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Title: Role-playing Game Banned From High School

Source: Philadelphia Inquirer, March 6th, 1988

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Role-playing Game Banned From High School
March 06, 1988
By Carol D. Leonnig, Special to The Inquirer

Though Cinnaminson's school board has banned the play of Dungeons and Dragons from its high school, the arguments between the game's critics and supporters continues with no conclusion on the horizon.

With a 7-2 vote Tuesday night, the board decided that the halls of Cinnaminson High are not an appropriate stomping ground for Dungeons Masters or any of the other characters concocted from D&D, as the game is popularly called.

Dungeons and Dragons is a role-playing game popular among students that allows players to create their own characters for the purpose of completing a task selected by the leader, who is called the Dungeon Master. The tasks may include finding a sacred object or escaping a trap.

Despite written testimony from psychiatrists, federal agencies and other school boards stating that D&D was harmless to young minds and potentially healthy for their imaginations and self-esteem, several board members were hesitant to overlook the controversy surrounding it.

Parents and some teen and cult behaviorists contend that D&D warps young minds and incites violent and rebellious behavior. Opponents of the game were armed with examples of shocking cases that defy explanation.

Thomas O'Sullivan, 14, who played Dungeons and Dragons and had been fascinated with satanic imagery, murdered his mother in December and took his own life in their Jefferson Township, Morris County, home.

Roland Cartier, of Putnam, Conn., another teen player, killed himself in 1985 and prompted the local school board to re-evaluate its stand on the game.

Cinnaminson board member Jean Dusheck told the members that, based on the barrage of phone calls she has received, D&D is the most highly charged issue of her term.

Bill Waltz, a pastor at Cinnaminson Baptist Church, told the board of a book, The Professional Occultist, in which the author contended that D&D was an ideal introduction to the occult.

Anthony Ceriale, who volunteers at the school store, said D&D instruction books stress the need to "become your character," possibly leading players to bring their game personas into real life.

John Shoesmith, whose son Alan wished to play D&D at the school, stressed the integral nature of role-playing in childhood games. "I did not grow up to be a mass murderer because I shot at Indians and pretended to be Roy Rogers," he said.

Stephen Stanley, 16, who was on hand to defend D&D, which he plays, said that people who see the game as satanic "have never played before."

Only the battlefield has changed in this tussle that D&D players and critics have fought in many communities throughout the country since D&D gained popularity about five years ago.

Cinnaminson principal Robert Wisor remains uneasy about the purported connection between the game and violent acts. "People draw these conclusions

from a half-dozen coincidences when millions of kids are playing the game," he said. Wisor said he wonders why people have never done similar studies of the cultlike violence perpetrated by football, basketball or even chess enthusiasts.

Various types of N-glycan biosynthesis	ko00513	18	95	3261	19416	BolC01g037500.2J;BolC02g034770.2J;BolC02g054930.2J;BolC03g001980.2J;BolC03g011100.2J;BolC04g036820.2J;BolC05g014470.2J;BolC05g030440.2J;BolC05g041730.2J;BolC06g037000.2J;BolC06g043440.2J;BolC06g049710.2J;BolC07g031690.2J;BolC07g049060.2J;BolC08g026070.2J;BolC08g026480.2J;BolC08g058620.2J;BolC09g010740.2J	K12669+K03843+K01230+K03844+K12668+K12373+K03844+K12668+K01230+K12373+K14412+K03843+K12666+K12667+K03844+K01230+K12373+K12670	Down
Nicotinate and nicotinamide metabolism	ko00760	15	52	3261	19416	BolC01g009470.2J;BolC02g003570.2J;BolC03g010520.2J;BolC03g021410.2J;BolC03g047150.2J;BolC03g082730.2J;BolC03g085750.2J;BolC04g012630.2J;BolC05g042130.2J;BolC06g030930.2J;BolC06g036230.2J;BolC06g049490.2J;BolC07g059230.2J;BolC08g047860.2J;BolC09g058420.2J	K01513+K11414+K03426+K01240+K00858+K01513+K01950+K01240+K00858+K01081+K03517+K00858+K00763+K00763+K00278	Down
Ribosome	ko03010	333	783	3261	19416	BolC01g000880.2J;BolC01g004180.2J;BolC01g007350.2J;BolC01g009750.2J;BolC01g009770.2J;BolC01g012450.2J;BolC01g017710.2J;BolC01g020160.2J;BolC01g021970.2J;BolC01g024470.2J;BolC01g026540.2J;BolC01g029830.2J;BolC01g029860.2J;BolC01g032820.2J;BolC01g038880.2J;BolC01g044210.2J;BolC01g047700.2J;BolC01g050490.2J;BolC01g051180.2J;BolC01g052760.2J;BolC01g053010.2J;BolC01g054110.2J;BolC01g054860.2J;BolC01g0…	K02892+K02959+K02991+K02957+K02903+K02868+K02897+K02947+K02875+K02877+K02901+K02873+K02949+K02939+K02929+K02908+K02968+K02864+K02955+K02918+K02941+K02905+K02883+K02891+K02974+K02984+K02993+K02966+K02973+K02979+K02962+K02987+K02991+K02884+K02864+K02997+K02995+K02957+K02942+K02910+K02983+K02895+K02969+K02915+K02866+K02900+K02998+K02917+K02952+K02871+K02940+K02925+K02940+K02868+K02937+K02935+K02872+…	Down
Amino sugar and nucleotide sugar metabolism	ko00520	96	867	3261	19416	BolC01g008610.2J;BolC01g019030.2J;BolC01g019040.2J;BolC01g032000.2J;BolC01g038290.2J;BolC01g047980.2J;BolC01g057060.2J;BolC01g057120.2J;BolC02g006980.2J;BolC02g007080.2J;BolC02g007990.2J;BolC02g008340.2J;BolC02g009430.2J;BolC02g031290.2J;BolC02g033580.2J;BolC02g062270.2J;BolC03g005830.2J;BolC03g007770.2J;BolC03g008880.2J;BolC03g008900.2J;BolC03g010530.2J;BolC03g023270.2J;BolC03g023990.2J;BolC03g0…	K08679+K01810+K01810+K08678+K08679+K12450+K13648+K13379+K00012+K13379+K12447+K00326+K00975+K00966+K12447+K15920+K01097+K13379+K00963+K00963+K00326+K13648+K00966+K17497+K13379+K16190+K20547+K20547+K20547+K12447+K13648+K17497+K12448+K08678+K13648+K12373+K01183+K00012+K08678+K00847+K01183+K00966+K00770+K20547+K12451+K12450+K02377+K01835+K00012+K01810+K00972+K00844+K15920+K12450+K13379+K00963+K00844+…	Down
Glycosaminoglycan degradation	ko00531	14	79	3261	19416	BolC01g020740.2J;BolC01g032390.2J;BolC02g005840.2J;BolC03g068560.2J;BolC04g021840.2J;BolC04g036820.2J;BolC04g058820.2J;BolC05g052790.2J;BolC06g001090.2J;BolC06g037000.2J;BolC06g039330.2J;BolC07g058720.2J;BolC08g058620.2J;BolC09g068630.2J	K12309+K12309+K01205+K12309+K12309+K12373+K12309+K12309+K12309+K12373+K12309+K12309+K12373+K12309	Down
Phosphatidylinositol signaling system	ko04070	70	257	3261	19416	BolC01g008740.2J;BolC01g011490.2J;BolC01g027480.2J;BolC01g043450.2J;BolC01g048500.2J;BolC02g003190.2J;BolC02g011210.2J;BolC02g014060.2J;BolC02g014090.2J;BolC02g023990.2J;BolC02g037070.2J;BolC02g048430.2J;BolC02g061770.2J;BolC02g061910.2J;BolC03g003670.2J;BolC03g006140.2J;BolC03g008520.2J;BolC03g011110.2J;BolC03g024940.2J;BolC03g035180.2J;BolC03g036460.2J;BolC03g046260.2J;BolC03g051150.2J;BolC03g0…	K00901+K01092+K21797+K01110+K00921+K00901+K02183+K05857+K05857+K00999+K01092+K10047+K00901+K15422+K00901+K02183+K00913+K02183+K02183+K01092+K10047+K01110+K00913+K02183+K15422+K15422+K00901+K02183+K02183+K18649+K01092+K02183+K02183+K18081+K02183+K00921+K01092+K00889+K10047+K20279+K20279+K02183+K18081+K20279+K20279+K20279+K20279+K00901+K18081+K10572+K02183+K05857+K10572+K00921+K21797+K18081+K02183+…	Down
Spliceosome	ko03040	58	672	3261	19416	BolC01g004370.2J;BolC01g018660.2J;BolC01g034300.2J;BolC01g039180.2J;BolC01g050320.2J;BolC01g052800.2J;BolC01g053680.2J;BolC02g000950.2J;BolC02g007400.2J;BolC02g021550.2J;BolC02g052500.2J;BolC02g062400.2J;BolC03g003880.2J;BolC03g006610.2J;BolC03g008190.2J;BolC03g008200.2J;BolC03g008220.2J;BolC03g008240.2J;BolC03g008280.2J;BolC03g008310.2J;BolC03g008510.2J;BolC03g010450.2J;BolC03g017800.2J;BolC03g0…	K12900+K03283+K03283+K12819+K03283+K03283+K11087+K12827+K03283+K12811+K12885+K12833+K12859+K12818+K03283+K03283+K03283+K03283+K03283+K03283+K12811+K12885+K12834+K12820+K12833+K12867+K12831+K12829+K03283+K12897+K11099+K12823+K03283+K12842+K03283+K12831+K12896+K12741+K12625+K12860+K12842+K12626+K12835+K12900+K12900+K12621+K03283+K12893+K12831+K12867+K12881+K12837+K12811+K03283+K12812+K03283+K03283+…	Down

Wisor said he believes "the defect is not within the game, but within the individual."

But many still worry that the nature of D&D's role-playing is an accident waiting to happen in a child's sensitive and malleable mind.

Brian Levin, a Medford therapist and staff member at the Drenk Medical Health Center's adolescent unit in Mount Holly, believes D&D is just another outlet for a healthy, youthful imagination.

Much as long hair and rock-and-roll music were creative outlets for their parents, these children express their brand of innovation through D&D, Levin said.

In devising and portraying characters with both good and evil qualities, Levin said, the players exhibit a realistic grasp of human nature's strengths and weaknesses.

As part of their D&D defense, the club members presented to the board a case in which a group called BADD (Bothered About D&D) filed suit to have D&D game packages and a D&D cartoon carry warnings that the game was linked to suicide and murders, but the Federal Trade Commission, the Consumer Protection Agency and the Federal Communications Commission rejected the request because they found no evidence of such a link.

A New York Times article presented detailed the story of the Putnam, Conn., school board's unanimous decision to allow their students to play D&D during school free periods although many opposed the game after Cartier's suicide.

"It's a fun game," Stanley said in a phone interview. "We just like playing it for the same reason people like to play cards."

Student David Dearing, who defended the game before the school board, and Stanley have played D&D since third grade. Dearing plays the saxophone and keyboards for the Cinnaminson High School band and volunteers in an outreach program to aid the retarded, while Stanley's academic schedule boasts a number of accelerated courses.

Wisor temporarily banned the game earlier this year because of faculty concerns and asked the board to evaluate the pros and cons of the game. Cinnaminson's board was unable to make a decision on the club's fate in its meeting Feb. 17, when opponents presented cases of teen suicide and murder allegedly connected to D&D.

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